Diabetic Eye Care

What is Diabetes?

Diabetes, or diabetes mellitus, is a condition in which the body cannot produce enough insulin, which results in high blood sugar (glucose). When insulin production is low, blood sugar can spike to dangerous levels. A common side effect of both Type 1 and Type 2 diabetes is Diabetic Eye Disease.

Diabetic Eye Disease is one of the leading cause of preventable blindness in the United States.

What Eye Problems Can Diabetes Cause?

Diabetic Eye Disease refers to a group of eye problems that can cause severe vision loss, or even blindness, in people diagnosed with diabetes.

  • Diabetic retinopathy. Diabetic Retinopathy is one of the most common eye complication diabetics develop and is one of the leading causes of preventable blindness in American adults. High blood sugar causes damage to the blood vessels in the retina (the light-sensitive tissue at the back of the eye). Over time, diabetic retinopathy can cause vision loss in both eyes.
  • Diabetic macular edema (DME). The macula is the part of the retina that provides our sharp/reading vision. In Diabetics, the blood vessels near the macula can leak, causing the macula to swell, which reduces vision. In many cases, early detection and treatment with medications and/or laser can reduce loss of vision.
  • Cataracts. In healthy people, the eye’s lens is naturally clear. Diabetics, however, are more likely to develop cloudy lenses, which results in cataracts. Cloudy cataracts cause blurred vision and ultimately, blindness. Surgical removal of the cloudy lens and replacement with a clear plastic lens (Implant) can restore good vision in most people.
  • Glaucoma. Diabetic patients are twice as likely to get glaucoma than non-diabetics. Glaucoma is typically caused by increased fluid pressure inside the eye, or from bad circulation to the optic nerve which leads to optic nerve damage, loss of vision and possibly permanent blindness. Early detection and treatment with medications or painless laser treatments can reduce the harmful effects of diabetes on the optic nerve, saving vision.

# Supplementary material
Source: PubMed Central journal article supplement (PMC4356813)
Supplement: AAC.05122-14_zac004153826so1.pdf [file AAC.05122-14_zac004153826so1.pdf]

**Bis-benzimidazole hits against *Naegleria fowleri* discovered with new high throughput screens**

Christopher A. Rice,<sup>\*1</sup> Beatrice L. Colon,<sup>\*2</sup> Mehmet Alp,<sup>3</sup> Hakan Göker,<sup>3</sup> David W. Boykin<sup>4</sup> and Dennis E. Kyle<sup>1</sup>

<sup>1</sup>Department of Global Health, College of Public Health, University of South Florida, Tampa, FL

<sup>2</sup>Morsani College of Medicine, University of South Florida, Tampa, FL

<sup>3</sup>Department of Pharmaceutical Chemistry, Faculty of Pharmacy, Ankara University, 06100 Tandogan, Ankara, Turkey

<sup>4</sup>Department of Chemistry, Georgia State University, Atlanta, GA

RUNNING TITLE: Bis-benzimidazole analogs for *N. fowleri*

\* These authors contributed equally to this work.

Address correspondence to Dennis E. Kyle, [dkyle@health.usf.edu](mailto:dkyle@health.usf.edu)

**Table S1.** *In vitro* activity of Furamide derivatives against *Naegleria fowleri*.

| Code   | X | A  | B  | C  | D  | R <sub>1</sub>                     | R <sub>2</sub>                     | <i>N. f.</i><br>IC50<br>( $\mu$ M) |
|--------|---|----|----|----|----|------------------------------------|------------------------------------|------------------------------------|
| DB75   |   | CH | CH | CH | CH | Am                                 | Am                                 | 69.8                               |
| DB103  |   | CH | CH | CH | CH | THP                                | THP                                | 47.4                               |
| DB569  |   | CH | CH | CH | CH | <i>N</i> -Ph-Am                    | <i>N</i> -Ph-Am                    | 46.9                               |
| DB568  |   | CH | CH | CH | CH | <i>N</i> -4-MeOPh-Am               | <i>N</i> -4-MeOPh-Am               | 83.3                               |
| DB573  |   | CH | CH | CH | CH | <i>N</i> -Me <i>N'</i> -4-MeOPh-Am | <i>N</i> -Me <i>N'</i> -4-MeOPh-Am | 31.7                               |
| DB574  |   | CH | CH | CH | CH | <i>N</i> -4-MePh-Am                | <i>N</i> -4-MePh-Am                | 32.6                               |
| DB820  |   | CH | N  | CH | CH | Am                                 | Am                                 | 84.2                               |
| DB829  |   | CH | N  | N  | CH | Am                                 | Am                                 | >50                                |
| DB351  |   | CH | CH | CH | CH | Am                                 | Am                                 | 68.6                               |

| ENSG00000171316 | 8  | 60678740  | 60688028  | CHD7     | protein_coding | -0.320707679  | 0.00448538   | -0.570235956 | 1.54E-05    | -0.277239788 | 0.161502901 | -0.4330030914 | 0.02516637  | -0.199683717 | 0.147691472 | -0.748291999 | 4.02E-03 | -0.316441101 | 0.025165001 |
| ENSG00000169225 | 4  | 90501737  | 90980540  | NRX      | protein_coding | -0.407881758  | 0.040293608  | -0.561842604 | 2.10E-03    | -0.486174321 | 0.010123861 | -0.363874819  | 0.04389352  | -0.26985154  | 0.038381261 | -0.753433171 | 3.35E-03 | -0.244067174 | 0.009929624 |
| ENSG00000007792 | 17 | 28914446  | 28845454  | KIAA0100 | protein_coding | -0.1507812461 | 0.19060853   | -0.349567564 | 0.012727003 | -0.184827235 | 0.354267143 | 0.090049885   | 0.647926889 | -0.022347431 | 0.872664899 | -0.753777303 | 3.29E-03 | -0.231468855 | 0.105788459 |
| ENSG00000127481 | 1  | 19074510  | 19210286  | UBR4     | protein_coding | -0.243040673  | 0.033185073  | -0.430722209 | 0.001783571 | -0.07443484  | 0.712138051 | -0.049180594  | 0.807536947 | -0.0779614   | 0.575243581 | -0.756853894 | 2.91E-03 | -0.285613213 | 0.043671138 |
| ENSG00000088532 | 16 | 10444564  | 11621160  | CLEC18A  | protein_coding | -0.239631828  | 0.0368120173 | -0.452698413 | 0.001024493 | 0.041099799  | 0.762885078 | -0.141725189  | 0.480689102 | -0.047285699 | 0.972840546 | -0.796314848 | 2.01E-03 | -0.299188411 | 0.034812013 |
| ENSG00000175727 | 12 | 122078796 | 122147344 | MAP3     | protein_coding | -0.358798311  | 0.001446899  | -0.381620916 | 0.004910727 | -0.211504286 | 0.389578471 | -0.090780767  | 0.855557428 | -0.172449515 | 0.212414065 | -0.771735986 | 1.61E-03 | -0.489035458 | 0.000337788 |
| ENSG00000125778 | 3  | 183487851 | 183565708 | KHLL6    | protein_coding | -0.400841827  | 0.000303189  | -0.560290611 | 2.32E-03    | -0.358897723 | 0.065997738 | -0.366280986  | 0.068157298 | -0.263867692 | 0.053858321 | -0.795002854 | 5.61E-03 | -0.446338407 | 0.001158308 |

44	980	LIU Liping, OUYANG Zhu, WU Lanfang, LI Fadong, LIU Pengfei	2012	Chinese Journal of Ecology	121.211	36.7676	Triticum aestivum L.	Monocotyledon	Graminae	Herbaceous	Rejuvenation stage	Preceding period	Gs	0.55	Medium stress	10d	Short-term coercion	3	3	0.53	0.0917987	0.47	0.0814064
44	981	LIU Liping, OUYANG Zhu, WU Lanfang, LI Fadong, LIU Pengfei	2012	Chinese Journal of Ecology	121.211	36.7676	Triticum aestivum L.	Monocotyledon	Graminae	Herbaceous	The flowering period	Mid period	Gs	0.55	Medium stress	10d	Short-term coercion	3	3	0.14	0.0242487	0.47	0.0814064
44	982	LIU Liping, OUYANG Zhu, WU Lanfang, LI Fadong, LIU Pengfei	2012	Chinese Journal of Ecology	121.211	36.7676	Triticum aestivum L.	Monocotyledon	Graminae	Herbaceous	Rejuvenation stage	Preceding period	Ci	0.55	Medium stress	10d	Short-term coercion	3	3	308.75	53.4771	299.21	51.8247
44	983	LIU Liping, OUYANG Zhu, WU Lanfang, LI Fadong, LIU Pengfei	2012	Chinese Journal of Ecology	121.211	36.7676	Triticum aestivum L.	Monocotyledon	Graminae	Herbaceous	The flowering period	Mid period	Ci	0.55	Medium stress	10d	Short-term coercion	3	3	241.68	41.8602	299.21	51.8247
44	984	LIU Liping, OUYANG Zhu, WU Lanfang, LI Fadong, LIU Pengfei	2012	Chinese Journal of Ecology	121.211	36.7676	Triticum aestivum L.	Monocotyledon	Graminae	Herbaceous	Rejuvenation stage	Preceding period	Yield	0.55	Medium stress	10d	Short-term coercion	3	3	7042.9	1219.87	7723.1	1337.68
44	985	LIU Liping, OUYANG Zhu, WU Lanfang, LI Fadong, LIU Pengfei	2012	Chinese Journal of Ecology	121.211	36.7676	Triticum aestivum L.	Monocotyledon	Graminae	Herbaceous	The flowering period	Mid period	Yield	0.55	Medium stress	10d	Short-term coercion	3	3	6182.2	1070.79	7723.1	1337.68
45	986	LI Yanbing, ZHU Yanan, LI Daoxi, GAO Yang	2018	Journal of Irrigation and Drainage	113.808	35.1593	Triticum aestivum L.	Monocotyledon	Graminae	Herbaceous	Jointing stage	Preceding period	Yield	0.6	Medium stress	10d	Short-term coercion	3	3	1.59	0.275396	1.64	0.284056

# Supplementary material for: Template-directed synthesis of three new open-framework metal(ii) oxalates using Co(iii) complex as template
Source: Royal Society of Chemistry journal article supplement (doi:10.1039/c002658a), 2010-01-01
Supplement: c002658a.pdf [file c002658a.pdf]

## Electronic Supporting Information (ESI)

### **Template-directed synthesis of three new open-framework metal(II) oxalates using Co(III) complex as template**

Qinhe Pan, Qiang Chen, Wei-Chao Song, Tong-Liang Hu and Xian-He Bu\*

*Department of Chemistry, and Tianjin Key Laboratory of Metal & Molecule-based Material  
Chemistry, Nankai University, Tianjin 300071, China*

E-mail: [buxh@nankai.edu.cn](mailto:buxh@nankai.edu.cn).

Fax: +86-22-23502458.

How to prevent diabetic eye disease

Typically, there are no symptoms of early-stage diabetic eye disease. You may not feel any pain or notice any vision loss. This is why eye exams are so important for diabetics. Scheduling yearly appointments allows your eye doctor to monitor the blood vessels in your eye for any damaging changes. Early detection of eye diseases can prevent vision loss or blindness in the future.

If you have diabetes, you are more likely to experience serious eye complications and vision loss. In order to reduce your risk of diabetic eye disease, it is important to commit to these three steps:

  • Monitor your blood sugar levels. When your blood sugar is under control, you can slow damage to the blood vessels in your retina — a common eye complication for diabetics. High blood sugar levels can also cause temporary blurred vision.
  • Manage your blood pressure. In diabetics, high blood pressure can worsen your eye problems or lead to eye disease. Make it your goal to have blood pressure under 140/90.
  • Schedule regular eye exams. If you have diabetes, we strongly recommend scheduling a comprehensive dilated eye exam at least once a year. A full examination from your doctor is the best way to detect diabetic retinal damage and establish a treatment plan.

If you are seeking the best diabetic eye care in Winston Salem, you came to the right place. Our eye care experts are proud to provide high quality eye treatment for diabetics. Call us at 336-659-8180, or request an appointment online today.

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Featured Testimonial:

Thank you for your compassion and care you show to your patients. I could no longer see the colors of the world. They were so cloudy. When you restored my vision--WOW! Thank you!! I am enjoying the flowers. May God bless you and your staff.

- Nancy R.